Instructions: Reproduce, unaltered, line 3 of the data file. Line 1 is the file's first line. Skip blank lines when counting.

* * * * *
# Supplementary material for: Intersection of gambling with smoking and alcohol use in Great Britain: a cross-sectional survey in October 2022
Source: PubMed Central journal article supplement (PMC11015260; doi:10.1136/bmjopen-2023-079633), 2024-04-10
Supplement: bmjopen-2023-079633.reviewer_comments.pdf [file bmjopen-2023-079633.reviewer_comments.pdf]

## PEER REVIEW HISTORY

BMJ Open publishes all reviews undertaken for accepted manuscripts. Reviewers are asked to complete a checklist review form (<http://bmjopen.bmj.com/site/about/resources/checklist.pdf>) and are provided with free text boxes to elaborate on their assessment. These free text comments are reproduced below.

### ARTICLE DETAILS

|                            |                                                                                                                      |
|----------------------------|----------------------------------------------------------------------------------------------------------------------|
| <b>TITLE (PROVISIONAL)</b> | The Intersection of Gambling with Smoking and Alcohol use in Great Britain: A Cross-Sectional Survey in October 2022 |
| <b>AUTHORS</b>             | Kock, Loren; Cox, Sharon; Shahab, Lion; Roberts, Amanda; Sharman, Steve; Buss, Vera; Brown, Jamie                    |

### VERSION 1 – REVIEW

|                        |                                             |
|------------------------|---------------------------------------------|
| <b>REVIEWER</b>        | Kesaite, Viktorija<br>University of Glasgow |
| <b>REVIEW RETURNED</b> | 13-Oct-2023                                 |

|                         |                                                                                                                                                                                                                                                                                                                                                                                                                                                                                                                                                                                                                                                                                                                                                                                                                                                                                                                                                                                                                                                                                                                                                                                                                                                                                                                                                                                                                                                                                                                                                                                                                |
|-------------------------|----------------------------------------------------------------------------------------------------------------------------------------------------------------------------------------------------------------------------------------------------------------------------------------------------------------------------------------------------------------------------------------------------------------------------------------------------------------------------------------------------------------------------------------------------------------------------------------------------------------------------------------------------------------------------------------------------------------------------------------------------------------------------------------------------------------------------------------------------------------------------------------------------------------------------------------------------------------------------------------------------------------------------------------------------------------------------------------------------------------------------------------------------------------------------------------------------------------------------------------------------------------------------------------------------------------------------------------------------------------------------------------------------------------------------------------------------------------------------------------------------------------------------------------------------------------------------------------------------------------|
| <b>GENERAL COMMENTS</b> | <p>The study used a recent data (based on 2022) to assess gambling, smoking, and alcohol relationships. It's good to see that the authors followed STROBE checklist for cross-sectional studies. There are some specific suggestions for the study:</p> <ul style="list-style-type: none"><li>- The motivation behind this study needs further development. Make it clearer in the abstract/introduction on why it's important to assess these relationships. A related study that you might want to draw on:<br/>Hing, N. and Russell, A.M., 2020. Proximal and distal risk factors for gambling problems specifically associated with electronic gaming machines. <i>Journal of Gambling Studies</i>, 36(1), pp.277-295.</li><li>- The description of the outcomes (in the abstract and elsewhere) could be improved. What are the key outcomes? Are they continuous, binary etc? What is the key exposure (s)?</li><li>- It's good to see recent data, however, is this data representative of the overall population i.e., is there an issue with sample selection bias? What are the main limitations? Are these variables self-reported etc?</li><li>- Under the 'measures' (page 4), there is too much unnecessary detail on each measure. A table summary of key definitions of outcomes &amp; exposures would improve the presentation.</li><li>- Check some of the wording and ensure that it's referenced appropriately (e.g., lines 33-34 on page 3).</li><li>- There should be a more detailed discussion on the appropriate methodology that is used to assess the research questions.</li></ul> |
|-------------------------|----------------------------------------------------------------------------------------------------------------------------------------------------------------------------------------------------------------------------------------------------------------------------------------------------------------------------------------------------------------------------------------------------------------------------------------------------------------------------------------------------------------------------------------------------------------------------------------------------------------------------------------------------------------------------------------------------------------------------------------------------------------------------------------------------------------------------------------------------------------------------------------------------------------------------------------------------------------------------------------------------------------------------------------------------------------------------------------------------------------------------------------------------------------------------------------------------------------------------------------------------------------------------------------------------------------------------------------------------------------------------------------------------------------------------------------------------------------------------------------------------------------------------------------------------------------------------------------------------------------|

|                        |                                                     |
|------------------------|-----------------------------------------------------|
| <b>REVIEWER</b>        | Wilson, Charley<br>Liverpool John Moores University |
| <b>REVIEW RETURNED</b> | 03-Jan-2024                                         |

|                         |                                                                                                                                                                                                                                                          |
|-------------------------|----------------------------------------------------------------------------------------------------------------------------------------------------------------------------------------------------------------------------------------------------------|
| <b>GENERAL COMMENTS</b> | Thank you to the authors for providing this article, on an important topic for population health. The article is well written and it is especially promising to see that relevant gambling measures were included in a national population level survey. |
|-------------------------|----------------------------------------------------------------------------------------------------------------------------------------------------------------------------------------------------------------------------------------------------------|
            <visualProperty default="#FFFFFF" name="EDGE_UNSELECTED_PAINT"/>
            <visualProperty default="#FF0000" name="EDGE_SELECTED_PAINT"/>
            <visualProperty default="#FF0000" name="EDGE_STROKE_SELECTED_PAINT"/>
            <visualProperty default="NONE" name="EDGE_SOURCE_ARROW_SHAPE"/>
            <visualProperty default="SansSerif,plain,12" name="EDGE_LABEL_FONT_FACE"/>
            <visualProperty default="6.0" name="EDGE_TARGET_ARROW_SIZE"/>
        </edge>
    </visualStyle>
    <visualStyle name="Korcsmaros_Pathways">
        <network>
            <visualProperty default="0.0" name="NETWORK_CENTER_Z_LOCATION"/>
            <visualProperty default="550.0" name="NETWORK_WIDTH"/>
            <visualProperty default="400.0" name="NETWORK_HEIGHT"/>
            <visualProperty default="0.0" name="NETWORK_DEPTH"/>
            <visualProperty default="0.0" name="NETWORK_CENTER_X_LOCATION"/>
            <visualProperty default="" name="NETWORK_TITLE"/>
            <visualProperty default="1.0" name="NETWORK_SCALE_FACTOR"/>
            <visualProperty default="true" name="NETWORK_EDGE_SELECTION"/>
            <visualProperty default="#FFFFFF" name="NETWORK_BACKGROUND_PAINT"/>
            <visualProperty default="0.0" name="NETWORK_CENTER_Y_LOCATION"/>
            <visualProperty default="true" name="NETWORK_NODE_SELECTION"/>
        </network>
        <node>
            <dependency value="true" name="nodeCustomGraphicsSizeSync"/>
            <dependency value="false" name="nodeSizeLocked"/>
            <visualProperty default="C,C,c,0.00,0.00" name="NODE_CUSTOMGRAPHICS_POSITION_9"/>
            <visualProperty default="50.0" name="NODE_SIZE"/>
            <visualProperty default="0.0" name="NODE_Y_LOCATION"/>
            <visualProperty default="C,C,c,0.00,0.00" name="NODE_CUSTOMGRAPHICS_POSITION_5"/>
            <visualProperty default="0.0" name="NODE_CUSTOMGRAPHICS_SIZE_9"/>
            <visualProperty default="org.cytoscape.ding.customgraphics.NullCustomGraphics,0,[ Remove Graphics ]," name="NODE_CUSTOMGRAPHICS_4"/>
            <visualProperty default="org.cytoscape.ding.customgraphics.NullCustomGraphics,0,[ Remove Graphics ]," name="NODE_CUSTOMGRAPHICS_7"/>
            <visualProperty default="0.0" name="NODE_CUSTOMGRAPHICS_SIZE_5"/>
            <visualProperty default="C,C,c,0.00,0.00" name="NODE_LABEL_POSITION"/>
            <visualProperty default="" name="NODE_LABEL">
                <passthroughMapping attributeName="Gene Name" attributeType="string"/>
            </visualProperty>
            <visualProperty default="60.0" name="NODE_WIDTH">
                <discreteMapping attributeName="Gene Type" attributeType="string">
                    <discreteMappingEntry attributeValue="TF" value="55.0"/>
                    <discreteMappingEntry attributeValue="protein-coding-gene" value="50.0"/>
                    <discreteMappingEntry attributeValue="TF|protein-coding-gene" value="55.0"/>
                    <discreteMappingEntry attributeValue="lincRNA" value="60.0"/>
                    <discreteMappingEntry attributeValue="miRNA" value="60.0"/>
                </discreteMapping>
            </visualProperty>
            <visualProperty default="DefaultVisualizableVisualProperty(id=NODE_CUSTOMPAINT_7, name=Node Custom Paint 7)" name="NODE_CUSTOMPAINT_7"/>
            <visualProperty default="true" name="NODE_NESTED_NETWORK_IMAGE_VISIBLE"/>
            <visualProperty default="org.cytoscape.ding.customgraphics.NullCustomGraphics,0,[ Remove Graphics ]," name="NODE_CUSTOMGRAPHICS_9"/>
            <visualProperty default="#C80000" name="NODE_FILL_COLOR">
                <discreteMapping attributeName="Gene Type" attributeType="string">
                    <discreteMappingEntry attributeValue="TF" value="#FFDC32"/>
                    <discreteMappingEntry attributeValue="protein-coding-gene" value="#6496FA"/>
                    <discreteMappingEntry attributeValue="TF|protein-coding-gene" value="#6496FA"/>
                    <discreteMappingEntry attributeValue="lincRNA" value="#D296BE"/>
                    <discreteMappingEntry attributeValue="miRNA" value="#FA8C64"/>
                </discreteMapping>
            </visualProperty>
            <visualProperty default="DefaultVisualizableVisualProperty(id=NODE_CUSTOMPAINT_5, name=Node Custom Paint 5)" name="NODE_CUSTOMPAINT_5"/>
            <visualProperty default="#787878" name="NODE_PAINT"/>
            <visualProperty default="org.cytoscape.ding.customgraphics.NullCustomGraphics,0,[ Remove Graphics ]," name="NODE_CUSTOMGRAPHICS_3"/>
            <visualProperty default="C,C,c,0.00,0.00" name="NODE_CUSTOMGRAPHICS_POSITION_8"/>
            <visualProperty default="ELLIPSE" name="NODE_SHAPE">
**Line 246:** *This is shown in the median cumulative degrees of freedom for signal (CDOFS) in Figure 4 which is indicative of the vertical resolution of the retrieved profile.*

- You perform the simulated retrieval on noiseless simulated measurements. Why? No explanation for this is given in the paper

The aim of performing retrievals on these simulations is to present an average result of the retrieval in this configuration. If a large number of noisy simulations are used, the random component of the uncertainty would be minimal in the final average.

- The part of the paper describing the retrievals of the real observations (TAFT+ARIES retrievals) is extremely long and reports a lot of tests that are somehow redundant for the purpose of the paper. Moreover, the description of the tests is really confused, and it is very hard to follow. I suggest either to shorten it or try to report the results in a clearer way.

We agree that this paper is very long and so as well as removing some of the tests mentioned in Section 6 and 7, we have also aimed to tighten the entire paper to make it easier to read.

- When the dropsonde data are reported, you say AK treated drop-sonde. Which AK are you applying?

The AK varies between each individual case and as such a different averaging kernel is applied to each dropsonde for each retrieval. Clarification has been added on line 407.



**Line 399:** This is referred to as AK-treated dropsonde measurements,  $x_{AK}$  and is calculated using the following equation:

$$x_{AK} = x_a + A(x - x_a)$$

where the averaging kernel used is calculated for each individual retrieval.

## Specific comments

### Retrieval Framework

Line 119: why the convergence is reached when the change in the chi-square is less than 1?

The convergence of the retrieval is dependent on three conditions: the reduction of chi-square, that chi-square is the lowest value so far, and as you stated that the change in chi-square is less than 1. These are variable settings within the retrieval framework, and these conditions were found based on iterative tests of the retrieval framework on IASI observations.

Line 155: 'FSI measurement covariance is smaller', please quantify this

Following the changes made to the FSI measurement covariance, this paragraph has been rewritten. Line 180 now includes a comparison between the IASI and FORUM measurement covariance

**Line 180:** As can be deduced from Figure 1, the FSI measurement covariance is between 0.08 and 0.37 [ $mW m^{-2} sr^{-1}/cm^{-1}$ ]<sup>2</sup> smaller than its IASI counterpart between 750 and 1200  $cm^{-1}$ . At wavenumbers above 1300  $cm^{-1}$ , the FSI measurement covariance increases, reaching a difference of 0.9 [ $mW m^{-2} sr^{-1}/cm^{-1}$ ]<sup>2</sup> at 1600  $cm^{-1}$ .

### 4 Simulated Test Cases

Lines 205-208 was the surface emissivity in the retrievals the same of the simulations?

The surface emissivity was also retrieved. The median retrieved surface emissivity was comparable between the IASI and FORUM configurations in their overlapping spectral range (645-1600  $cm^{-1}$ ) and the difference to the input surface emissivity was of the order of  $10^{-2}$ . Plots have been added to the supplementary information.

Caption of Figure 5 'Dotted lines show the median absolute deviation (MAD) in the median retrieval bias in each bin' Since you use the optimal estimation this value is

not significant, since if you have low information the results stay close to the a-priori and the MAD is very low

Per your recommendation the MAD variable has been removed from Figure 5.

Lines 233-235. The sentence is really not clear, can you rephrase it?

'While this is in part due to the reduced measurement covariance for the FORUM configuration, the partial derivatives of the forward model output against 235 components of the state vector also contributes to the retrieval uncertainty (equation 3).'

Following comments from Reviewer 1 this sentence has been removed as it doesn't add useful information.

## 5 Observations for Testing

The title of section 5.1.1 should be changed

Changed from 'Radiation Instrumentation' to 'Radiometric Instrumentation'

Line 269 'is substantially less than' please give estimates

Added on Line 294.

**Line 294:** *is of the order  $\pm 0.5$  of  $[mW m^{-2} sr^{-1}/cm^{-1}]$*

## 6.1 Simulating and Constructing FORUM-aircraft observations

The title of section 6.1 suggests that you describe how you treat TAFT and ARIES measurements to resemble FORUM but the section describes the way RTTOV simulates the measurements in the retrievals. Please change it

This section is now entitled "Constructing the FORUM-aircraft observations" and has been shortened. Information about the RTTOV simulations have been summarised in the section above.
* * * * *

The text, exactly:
Supplement: bmjopen-2023-079633.reviewer_comments.pdf [file bmjopen-2023-079633.reviewer_comments.pdf]